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Valuing serdes intellectual property

Posted: 23 Apr 2002 ?? ?Print Version ?Bookmark and Share

Keywords:serdes ip? interface protocols? backplane? ip licensing? interconnect ic?

Companies designing chips with high-speed serial links face a classic choice: develop this IP in-house or license it from a third party.

Jeremey Donovan of Gartner Dataquest
Recently, the communications industry has seen an unprecedented proliferation of high-speed interface protocols. Though these interfaces differ in many ways, nearly all of them use similar serializer/deserializer (serdes) intellectual property. Companies designing chips with high-speed serial links face a classic choice: develop this IP in-house or license it from a third party.

Like any intellectual property make vs. buy decision, the decision to make or develop serdes IP rests on factors including IP licensing costs, IP development costs, strategic value of owning IP and integration costs of IP cores. Many of those factors rest on the topic of this column: valuing serdes IP.

A simple way to value serdes IP is to use merchant silicon pricing as a proxy. Serdes IP exists in its purest form in off-the-shelf backplane interconnect ICs. Though there are multitudes of backplane interconnect devices on the market, let us use the Mindspeed M27211, which is an 8x3.125Gbps with 8B/10B encoding that sells for $119. This implies a price of $4.76 per 1Gbps. Taking 50 percent out for gross margin and another 25 percent out for manufacturing, the actual value of Serdes IP probably hovers around $1.25 per 1Gbps.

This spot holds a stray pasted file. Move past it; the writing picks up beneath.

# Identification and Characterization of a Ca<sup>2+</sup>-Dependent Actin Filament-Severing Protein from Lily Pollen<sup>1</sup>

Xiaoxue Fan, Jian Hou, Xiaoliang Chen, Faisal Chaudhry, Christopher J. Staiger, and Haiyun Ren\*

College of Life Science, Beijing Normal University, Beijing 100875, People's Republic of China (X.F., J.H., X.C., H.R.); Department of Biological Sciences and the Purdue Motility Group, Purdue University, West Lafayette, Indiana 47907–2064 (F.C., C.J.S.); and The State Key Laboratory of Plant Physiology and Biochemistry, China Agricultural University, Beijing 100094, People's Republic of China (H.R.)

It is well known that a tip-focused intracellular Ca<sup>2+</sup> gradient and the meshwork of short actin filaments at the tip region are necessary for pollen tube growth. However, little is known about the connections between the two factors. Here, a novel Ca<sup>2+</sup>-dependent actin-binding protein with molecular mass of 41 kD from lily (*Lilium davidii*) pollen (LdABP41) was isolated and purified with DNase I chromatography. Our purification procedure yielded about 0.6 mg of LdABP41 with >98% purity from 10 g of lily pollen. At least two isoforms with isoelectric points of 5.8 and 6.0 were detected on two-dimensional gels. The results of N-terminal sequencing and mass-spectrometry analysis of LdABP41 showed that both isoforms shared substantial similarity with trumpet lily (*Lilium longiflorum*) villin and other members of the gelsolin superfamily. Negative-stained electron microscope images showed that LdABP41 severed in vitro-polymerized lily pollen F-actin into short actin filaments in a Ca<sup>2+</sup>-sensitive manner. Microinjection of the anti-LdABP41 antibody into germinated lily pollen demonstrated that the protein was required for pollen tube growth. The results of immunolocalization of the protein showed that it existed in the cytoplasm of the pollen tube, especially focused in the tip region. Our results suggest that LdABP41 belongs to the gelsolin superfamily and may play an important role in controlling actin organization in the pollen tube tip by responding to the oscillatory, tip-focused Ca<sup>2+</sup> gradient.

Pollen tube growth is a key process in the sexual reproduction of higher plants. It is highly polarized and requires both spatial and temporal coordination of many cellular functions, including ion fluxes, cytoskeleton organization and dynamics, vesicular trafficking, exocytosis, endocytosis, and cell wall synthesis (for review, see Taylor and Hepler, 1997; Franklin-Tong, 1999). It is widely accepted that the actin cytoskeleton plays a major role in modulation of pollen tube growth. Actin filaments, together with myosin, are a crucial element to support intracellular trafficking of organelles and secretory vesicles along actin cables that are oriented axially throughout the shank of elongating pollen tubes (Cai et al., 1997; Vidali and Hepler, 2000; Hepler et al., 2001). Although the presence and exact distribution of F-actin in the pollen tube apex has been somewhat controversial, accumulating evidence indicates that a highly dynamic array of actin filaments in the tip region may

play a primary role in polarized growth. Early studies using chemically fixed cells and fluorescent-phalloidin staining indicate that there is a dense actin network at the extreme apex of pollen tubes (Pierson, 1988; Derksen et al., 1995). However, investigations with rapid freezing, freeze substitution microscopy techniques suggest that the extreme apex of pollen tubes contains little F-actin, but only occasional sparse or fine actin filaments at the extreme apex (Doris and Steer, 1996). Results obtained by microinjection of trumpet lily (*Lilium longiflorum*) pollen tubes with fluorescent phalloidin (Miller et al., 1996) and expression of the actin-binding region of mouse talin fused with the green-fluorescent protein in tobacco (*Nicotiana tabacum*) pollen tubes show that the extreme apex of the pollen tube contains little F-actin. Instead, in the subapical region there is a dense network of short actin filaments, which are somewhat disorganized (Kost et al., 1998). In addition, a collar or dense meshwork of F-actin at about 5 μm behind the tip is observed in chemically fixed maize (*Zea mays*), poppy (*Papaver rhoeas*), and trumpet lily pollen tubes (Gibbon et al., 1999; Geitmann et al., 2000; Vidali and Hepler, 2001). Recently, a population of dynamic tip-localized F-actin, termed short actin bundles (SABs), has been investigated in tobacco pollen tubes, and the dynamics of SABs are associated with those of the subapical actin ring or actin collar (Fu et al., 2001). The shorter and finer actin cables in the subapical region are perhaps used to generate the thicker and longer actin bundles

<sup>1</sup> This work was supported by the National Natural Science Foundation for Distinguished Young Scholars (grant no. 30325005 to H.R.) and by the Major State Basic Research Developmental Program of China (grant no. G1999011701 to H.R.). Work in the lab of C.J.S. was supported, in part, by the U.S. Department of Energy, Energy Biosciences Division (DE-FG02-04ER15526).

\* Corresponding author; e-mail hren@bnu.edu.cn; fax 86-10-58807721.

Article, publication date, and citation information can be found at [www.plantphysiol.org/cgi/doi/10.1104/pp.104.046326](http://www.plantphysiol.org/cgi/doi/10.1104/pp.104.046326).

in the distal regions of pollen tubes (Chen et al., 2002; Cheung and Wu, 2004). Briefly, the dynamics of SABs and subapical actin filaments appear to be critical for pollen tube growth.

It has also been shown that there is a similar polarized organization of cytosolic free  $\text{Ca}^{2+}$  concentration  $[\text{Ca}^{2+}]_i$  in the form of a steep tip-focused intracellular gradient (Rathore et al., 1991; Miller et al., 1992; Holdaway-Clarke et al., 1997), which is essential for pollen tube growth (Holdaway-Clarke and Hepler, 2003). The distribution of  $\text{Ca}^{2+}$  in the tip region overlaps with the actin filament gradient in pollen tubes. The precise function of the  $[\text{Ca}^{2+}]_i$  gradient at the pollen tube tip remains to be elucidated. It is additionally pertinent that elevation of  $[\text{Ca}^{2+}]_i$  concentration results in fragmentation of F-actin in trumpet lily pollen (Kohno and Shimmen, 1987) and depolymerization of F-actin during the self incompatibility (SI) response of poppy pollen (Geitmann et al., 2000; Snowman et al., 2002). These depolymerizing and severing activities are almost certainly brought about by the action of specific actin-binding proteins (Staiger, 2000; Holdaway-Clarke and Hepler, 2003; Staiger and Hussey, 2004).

So then, what is the total value of serdes intellectual property in the communications semiconductor world? To help answer that, I turn to Gartner Dataquest's port-based system and semiconductor model.

Aggregating every kind of portfrom T1/E1 to Gigabit Ethernet to OC-192there was approximately 16.2 petabits of line interface bandwidth shipped last year. Sounds shocking, but consider that there was 22.4Pb shipped in 2000. This 16.2 petabits of line interface traffic was probably supported by another 24.3Pb of backplane bandwidth.

Here, I assume 50 percent extra backplane capacity to support redundancy and overspeed. A total of 40.5 petabits at $1.25 per 1Gbps yields a total Serdes intellectual property market value of $50 million. This represents a reasonable upper bound to the third-party Serdes IP licensing market on an annual basis.

? Jeremey Donovan

Gartner Dataquest

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